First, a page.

The 'World of Tomorrow 2' animator tells us about how he's managed to fund his art for over 20 years.
Images courtesy Bitter Films
After two years in the trenches, cult animation legend Don Hertzfeldt—who's directed, animated, and funded his own movies for over 20 years—has released a melancholic, joyful, surreal, complex new short film called " World of Tomorrow 2: The Burden of Other People’s Thoughts." It’s a beautifully rendered mix of hand-drawn aesthetics and computer-generated weirdness.
Equal parts Bicentennial Man, Eternal Sunshine of the Spotless Mind, and Rick and Morty (only with women as main characters), "World of Tomorrow 2" tells the story of a sixth-generation clone who travels hundreds of years into the past to give her six-year-old original self a tour of humanity’s remains after the end of the world. "Emily Prime" is a young, pure, undamaged version of Emily 6 (Julia Pott), who thinks her younger self can make her feel whole. In other words, this movie is too real.
"World of Tomorrow 2" is as mind-bending as it is heart-wrenching; at one point, the clone transports Emily Prime into her own psyche, which has been drained of hope by the isolation many clones face in Hertzfeldt’s bleak vision of tomorrow. Together, they navigate the garbled memories of her incomprehensibly sad life. Before a dark backdrop, Emily Prime babbles and asks naïve questions like the joy-filled kid she is, lending the film its funniest and most genuine moments.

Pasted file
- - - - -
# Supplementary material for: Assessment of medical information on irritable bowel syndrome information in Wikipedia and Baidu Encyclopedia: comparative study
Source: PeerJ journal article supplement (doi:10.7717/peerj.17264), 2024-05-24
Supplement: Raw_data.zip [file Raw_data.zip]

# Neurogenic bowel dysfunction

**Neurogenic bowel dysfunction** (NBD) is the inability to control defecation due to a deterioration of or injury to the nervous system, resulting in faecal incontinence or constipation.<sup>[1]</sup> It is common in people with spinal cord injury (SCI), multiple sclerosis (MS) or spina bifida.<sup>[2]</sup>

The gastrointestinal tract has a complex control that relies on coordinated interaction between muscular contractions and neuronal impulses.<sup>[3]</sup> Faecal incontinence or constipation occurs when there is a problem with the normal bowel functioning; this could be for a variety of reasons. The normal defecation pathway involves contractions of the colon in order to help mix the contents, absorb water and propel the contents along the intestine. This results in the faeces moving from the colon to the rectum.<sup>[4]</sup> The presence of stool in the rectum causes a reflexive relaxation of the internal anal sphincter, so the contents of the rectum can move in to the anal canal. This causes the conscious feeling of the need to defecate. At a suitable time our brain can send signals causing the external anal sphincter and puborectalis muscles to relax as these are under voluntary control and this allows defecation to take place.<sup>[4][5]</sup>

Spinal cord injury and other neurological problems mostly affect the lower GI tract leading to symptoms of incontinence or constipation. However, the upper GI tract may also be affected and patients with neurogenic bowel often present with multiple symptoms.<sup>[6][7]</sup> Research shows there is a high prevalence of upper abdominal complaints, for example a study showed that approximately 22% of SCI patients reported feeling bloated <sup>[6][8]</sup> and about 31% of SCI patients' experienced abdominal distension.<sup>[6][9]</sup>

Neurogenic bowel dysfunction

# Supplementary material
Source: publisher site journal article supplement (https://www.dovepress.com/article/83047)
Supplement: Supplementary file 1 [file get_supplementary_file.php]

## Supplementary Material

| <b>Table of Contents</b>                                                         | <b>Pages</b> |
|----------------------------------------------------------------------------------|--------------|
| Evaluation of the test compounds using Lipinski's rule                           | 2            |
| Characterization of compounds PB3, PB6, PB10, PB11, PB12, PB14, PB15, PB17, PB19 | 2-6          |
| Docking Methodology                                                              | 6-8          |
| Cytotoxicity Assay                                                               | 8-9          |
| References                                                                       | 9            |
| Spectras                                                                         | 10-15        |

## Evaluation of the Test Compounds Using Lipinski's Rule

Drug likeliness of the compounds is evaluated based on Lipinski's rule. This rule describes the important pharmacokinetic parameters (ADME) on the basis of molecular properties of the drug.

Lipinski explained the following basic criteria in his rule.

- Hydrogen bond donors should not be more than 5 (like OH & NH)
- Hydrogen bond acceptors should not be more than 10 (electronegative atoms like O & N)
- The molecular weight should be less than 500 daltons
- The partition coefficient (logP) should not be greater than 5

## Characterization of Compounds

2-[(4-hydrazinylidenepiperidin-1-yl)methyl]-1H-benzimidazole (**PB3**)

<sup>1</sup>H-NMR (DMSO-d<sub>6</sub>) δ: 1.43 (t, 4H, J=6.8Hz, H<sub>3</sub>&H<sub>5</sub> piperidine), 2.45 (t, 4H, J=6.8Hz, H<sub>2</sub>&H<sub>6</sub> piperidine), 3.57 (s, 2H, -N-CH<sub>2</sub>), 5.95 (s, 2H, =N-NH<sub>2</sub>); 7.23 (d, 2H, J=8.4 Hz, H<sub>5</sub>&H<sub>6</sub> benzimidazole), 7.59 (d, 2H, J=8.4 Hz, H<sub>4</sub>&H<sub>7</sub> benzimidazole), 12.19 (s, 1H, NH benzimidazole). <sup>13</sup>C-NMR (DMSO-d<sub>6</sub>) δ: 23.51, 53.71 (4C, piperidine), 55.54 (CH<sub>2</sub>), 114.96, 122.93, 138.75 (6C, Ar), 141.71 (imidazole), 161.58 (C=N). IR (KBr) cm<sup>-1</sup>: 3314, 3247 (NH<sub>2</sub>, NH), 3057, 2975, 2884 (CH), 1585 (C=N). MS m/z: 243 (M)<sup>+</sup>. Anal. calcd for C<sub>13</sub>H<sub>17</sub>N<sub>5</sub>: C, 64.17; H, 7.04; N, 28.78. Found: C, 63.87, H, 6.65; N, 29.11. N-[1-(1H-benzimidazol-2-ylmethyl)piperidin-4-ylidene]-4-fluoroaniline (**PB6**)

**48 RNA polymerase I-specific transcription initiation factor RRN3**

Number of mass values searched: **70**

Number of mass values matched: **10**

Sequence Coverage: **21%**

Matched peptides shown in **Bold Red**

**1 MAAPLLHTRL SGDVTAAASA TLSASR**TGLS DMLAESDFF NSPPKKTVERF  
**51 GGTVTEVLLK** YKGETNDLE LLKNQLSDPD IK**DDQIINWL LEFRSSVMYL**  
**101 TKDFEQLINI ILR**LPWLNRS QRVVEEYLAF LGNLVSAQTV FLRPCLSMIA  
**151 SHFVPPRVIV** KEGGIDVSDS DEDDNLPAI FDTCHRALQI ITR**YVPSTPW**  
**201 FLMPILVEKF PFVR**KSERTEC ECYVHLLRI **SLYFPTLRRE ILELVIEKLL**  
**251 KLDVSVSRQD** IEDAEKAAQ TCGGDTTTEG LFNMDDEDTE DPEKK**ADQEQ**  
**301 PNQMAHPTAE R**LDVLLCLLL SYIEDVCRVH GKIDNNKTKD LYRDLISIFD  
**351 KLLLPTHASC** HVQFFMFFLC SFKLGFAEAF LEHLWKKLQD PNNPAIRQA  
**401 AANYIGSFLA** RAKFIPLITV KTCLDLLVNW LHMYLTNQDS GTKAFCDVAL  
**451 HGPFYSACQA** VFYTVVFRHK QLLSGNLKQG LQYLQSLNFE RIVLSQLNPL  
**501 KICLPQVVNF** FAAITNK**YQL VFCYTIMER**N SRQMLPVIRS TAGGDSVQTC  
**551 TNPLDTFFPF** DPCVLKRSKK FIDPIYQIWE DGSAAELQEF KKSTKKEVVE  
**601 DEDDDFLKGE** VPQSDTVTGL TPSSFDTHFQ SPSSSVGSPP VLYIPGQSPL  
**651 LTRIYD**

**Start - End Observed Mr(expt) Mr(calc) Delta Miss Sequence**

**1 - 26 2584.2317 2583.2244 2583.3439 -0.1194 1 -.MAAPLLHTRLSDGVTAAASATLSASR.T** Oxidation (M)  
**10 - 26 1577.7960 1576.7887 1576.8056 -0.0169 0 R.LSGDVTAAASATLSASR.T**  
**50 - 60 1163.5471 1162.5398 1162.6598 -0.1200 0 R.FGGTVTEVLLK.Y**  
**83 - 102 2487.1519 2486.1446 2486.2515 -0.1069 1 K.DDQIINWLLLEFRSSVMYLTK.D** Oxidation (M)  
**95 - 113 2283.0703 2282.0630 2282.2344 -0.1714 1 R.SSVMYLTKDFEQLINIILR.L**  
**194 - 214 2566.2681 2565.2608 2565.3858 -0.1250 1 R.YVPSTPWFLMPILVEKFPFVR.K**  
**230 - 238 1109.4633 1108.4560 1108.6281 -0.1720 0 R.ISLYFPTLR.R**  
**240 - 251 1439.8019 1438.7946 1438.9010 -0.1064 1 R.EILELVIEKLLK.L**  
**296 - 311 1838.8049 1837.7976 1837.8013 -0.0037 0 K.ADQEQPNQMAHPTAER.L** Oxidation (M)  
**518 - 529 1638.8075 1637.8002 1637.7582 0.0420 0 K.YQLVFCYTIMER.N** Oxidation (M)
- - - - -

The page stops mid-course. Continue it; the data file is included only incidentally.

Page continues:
Their conversations are pieced together from recordings of Hertzfeldt’s young niece Winona Mae, which gives the whole adventure a spontaneous feel that’s as quotable as Hertzfeldt’s classics. The script is improvised, which only works because Hertzfeldt is a lone wolf. “I like to have some fluidity in the thing if I'm going to be working on it for months or years,” he tells VICE. “I need to feel surprised and in the moment all the way through.”
The film screened at Sundance last week, but in his personal quest to fix the short film business, anyone can buy or rent it online. Shorts are regularly published online for free, which is “basically teaching an entire generation of artists that their work has no value,” he says. “We've all become spoiled as audiences, expecting everything to be free online all the time.” The sequel to his 2015 Oscar-nominated flick " World of Tomorrow" is worth the cash.
Over the course of a dozen short films, Hertzfeldt’s wry absurdism and honesty has earned him a cult following. Longtime fans usually start with " Rejected," the iconic commercial parody known for lines like, “My spoon is too big!” and “My anus is bleeding!” It was nominated for an Oscar in 2000, went viral on early YouTube, and is widely regarded as one of the first essential 21st century animated shorts. Newcomers to his work likely found him through the wild Simpsons couch gag he directed, which is one of the longest and most surreal in the show’s 30-year run.